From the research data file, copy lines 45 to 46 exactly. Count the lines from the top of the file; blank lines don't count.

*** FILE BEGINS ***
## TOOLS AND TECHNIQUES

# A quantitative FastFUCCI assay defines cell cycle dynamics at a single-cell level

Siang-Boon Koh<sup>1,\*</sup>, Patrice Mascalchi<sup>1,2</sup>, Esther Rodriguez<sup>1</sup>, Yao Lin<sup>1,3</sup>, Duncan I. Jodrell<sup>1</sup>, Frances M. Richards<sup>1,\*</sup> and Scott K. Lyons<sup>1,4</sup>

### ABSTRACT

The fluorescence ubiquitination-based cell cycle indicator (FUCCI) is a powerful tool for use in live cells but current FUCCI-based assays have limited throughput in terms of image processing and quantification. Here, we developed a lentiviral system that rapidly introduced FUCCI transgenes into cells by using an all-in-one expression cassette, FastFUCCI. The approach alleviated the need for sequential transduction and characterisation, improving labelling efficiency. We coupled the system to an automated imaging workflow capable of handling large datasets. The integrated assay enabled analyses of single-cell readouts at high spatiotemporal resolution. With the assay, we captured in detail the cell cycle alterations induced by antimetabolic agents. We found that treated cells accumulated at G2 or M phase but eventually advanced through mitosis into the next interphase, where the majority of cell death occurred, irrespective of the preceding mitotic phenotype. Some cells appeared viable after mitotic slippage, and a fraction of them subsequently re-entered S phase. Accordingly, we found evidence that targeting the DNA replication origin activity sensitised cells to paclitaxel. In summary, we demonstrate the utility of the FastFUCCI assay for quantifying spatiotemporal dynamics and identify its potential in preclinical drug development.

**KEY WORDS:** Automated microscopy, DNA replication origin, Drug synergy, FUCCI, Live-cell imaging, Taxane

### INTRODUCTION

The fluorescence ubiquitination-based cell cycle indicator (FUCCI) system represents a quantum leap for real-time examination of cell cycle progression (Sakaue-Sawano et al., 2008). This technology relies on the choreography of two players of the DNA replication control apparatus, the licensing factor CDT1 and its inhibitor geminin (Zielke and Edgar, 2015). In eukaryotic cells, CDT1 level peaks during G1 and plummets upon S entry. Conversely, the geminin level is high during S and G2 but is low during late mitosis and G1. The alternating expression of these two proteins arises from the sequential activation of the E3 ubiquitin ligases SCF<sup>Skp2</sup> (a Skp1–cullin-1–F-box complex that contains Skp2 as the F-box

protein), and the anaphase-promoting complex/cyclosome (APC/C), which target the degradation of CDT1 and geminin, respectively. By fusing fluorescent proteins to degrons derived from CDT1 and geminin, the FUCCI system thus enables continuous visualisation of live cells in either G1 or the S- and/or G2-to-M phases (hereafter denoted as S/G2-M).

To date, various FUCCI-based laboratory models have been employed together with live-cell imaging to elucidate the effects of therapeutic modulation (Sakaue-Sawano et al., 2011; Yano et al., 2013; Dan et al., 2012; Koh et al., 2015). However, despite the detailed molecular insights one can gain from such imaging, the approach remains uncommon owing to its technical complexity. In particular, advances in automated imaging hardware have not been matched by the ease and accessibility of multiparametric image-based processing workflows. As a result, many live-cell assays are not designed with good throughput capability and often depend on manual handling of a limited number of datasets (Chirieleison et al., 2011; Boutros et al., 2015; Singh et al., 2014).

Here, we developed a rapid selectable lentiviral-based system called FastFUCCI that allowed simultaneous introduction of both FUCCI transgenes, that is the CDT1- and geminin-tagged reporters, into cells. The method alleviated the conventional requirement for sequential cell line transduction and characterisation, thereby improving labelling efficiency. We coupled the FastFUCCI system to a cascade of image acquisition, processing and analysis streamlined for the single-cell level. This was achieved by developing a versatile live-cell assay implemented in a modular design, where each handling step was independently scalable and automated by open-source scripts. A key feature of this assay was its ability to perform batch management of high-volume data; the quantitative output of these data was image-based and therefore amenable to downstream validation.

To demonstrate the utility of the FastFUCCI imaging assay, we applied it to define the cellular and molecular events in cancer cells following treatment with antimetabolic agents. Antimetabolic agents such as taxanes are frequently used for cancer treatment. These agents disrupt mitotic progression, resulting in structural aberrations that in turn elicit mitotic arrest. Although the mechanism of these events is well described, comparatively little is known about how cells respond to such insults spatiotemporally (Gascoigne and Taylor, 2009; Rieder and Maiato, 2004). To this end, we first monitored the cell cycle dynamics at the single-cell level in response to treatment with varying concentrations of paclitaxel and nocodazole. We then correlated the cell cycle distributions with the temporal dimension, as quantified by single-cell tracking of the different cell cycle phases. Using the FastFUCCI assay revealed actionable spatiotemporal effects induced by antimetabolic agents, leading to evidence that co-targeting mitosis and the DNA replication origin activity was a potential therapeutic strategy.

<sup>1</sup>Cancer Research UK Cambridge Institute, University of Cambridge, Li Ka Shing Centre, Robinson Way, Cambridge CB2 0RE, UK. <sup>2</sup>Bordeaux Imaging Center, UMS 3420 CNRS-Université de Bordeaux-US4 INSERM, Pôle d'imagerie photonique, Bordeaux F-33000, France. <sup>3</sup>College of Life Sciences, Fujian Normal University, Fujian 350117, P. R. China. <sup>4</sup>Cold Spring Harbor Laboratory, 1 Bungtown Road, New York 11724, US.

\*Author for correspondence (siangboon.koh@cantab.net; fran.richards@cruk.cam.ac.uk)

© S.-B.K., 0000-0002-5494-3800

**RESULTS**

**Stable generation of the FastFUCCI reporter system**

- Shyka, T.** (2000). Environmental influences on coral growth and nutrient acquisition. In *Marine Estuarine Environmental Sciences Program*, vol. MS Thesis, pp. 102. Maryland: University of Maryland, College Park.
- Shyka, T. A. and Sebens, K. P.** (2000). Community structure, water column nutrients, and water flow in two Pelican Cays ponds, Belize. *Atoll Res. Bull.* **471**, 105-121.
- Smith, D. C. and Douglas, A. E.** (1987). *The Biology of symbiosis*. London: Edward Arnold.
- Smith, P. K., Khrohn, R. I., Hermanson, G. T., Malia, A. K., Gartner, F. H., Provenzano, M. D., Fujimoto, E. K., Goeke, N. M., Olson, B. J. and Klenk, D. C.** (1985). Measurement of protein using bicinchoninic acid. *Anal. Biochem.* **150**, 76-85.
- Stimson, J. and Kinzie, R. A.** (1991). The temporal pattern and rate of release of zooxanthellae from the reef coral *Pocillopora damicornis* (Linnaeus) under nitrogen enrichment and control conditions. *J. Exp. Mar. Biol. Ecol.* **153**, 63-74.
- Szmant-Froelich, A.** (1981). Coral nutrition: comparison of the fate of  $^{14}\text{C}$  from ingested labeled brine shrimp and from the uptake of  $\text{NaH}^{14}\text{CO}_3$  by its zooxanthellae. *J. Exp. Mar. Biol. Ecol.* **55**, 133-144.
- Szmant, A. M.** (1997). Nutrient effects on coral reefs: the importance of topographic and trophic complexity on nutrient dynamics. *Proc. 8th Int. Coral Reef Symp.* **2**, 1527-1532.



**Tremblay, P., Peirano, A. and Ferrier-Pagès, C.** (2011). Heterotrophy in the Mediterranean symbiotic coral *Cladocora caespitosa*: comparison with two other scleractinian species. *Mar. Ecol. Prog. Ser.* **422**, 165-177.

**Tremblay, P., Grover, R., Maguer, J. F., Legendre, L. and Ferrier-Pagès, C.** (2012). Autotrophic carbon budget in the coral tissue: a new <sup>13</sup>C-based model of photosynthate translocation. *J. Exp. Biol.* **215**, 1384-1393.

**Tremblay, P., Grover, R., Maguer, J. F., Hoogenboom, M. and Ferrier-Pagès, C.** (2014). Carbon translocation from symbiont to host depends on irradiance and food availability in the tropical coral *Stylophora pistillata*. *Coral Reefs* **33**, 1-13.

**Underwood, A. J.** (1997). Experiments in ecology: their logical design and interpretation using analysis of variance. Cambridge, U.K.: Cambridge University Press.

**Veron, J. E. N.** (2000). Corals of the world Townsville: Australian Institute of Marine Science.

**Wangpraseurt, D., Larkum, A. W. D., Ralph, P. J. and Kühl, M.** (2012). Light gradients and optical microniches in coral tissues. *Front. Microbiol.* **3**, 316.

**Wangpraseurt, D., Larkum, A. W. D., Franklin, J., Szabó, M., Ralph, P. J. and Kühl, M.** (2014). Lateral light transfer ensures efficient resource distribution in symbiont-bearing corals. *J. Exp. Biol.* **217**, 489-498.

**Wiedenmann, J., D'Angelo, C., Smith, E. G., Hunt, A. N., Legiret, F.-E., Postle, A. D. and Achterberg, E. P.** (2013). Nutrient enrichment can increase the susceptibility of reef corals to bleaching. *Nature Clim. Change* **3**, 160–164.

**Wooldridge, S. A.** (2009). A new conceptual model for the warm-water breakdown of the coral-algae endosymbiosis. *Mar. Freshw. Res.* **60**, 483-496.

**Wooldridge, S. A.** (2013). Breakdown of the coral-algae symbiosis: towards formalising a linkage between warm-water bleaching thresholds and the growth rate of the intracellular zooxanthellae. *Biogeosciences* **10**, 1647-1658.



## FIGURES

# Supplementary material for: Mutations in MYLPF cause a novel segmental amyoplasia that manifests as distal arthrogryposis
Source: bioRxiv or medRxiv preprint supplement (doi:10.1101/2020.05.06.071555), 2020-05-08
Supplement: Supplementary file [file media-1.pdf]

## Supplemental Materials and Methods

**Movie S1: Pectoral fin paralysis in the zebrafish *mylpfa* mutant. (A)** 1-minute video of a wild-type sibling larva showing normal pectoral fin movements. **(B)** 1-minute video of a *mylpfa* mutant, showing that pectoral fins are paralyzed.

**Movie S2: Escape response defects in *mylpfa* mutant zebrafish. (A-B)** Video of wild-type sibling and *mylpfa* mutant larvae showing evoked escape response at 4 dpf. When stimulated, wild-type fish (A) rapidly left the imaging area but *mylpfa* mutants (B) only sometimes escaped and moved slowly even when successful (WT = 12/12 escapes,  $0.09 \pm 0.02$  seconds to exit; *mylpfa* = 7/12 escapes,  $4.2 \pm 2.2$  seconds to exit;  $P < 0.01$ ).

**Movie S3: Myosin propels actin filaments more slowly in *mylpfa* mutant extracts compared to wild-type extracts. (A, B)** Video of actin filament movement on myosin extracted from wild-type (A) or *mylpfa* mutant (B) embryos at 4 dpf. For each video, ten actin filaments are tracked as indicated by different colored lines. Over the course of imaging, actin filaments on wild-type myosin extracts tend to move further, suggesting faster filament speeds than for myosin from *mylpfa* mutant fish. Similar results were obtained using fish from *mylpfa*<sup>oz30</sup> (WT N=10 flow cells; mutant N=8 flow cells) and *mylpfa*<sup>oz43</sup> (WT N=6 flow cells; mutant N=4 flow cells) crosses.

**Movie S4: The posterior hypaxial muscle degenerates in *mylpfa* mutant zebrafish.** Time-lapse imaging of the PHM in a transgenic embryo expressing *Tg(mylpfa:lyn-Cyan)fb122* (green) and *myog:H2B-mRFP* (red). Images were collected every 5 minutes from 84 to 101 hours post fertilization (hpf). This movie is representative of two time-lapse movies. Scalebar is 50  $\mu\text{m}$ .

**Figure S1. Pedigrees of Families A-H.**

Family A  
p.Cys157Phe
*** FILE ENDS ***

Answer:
Family A  
p.Cys157Phe